Fable Shoes


I think we need more than myth in our new mythology…

That may sound like a contradiction…

…until we consider all that’s included in our religious/mythological texts.

Those texts are soup—alphabet soup.  When you dip your ladle in…

…no telling what you may bring up—you may bring up “F-A-B-L-E”.

That’s fine by me.  At a young age, I was entertained and enlightened by the fables of the slave Aesop.

Since our new mythology, like mythologies of old, should be fun as well as poignant…

…I offer the fable of the elephant for possible inclusion…

As with many of Aesop’s fables, this fable involves two animals—an elephant and a man.

But unlike Aesop, the two animals don’t converse—the man believes the elephant to be a dumb beast.

In fact, the man remains as quiet as possible, not daring to disturb the elephant grazing in the far field.  He knows these beasts sometimes rampage.

Afraid of being trompled to death, the man becomes very agitated.  Finally, his fear bests him and he fires his gun at the elephant…

Due to his nervous hand, all his shots miss the mark.

The elephant then becomes frightened and rushes and tromples the man.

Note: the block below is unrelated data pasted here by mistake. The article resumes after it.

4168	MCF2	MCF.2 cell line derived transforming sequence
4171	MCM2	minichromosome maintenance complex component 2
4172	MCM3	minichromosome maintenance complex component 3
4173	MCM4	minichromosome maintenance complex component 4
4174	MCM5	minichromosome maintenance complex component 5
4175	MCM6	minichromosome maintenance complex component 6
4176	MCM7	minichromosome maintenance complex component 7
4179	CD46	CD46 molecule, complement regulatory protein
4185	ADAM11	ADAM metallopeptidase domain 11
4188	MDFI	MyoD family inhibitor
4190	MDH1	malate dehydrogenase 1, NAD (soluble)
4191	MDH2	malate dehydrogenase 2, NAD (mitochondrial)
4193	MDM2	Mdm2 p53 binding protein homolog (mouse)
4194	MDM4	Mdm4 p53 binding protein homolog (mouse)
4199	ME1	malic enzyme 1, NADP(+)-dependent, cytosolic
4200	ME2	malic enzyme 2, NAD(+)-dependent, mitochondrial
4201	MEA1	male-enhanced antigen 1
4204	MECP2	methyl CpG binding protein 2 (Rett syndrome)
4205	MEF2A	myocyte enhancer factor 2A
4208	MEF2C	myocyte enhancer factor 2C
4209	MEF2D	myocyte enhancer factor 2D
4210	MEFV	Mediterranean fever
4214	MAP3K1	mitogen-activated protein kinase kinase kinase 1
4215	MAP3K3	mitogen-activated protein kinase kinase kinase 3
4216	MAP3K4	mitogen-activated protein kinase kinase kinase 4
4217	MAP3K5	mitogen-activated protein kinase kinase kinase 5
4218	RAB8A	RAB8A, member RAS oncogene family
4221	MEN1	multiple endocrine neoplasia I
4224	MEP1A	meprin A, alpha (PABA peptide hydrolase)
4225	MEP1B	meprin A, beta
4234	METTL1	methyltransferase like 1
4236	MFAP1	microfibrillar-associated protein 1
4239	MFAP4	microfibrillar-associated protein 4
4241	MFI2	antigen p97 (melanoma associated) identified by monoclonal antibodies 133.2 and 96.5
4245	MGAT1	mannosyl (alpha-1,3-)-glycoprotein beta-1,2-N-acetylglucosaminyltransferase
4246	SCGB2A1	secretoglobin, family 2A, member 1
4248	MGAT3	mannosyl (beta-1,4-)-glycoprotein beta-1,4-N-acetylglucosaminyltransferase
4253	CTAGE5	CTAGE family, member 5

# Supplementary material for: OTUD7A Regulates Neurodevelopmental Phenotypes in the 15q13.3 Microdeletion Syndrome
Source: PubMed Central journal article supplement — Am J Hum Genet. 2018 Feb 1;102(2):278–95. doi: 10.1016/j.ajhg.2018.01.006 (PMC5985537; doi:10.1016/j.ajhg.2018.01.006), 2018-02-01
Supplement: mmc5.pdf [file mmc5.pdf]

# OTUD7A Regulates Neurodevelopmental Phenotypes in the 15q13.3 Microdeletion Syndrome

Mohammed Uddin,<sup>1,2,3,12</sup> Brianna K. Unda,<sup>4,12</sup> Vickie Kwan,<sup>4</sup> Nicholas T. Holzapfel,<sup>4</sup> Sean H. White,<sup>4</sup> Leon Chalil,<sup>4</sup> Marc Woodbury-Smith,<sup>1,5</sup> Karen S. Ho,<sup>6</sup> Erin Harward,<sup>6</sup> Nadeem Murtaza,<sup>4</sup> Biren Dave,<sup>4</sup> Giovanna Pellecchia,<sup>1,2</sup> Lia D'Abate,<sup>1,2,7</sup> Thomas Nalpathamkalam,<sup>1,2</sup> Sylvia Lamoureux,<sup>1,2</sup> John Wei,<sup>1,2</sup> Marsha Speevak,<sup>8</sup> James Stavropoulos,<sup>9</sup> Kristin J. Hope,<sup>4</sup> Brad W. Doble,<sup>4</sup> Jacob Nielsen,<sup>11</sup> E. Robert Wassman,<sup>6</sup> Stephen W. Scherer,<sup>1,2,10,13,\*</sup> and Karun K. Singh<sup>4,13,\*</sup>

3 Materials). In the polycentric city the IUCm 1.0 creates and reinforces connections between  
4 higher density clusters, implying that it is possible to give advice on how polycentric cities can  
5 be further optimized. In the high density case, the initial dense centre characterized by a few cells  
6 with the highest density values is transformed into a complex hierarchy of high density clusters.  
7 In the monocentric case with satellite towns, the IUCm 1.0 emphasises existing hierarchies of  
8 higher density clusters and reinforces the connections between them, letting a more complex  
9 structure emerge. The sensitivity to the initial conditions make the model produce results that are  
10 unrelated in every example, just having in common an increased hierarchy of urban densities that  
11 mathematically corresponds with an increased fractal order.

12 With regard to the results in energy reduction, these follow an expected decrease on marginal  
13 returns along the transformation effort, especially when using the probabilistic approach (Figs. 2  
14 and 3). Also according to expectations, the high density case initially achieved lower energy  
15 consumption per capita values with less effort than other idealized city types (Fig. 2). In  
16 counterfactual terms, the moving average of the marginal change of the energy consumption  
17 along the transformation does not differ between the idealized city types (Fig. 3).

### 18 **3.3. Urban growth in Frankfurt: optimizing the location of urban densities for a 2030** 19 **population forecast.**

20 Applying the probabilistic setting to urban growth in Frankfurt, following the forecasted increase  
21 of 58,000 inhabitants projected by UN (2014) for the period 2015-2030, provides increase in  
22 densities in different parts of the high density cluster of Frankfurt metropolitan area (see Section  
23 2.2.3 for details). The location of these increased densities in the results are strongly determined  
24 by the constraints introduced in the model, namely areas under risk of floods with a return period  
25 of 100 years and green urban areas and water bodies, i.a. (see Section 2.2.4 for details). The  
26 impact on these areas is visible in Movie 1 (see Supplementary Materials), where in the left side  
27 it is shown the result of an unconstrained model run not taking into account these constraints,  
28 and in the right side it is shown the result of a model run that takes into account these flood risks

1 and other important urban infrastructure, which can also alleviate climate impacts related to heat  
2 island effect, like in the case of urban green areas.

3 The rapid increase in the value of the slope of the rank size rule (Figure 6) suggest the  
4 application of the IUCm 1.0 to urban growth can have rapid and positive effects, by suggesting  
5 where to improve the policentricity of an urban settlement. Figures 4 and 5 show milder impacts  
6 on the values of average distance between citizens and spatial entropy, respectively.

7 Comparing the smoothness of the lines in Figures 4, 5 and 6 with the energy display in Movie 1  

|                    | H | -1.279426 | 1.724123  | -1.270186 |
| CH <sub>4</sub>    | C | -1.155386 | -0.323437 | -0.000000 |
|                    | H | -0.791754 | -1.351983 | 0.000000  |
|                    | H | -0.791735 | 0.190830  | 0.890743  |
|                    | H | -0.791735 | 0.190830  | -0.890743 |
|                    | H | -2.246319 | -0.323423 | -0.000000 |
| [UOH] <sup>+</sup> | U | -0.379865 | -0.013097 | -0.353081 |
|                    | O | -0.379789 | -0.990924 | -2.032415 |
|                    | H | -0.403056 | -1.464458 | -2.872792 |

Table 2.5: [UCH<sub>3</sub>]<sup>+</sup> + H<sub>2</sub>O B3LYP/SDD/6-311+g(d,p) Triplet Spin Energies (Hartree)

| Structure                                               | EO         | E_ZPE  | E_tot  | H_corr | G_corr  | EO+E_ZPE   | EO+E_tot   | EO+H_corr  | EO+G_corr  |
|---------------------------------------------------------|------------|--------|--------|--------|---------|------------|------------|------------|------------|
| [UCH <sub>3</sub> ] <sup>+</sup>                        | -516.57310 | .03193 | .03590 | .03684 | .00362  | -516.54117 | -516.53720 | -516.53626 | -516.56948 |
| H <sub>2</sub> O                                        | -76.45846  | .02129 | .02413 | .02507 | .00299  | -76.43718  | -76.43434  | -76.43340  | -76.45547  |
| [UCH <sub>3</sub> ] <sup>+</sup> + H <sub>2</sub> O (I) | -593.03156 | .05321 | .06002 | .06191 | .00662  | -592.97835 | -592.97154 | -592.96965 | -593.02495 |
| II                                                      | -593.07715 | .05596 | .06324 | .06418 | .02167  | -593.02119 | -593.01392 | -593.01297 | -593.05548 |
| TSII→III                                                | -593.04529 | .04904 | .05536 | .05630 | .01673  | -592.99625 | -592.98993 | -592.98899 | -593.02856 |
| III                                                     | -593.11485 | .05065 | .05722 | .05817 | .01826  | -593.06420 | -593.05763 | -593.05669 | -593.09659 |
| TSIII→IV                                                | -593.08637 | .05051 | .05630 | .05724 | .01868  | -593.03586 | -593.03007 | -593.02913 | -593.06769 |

But our fable—being a new fable—considers other possibilities…

In a second version of the story, the man, though afraid, remains steady.  He knows the value of being cool and calm in the heat of battle.

Thus, he fells the elephant with one sure shot.

But in focusing so intently on the elephant, he doesn’t see the tiny poisonous spider creeping up his sock and onto his leg.

In both versions, the moral would seem to be obvious…

In trying to eliminate the cause of our fear, we may actually bring on that which we wish to avoid.

But this is a new fable for a new mythology, so perhaps our answers can not be gleaned so easily…

Walking away, instead of shooting, doesn’t guaranteed that the man won’t be trompled.

In fact, one might argue that, in walking away, the man again allows his fear to determine his actions.

However, by walking away, the man may save two lives: both his and the elephant’s.

So I stand by the premise of this fable—both versions.

But what if we introduce another element into the story?

What if our man-animal can make money by killing that elephant?  Moreover…

…what if he believes his survival depends on receiving that money?

In that case, the issue of being trompled may seem less important.  If the man shoots at the elephant, he may get trompled.  But if he doesn’t shoot at the elephant, his family may starve.

However, he’s smart enough to know that the number of elephants is finite.  So if he keeps killing elephants for money, he’ll eventually run out of elephants to kill and then, run out of money…

But that’s all too far in the future to worry about—our elephant hunter needs money now…

…and that elephant is like a walking AMT.  The only AMT for a hundred miles!

I hate to disappoint you, but my poor feeble mind has not yet come up with a suitable conclusion to this version of the fable.

I don’t know what I can say to the man to keep him from killing the elephant.  It’s a tough argument.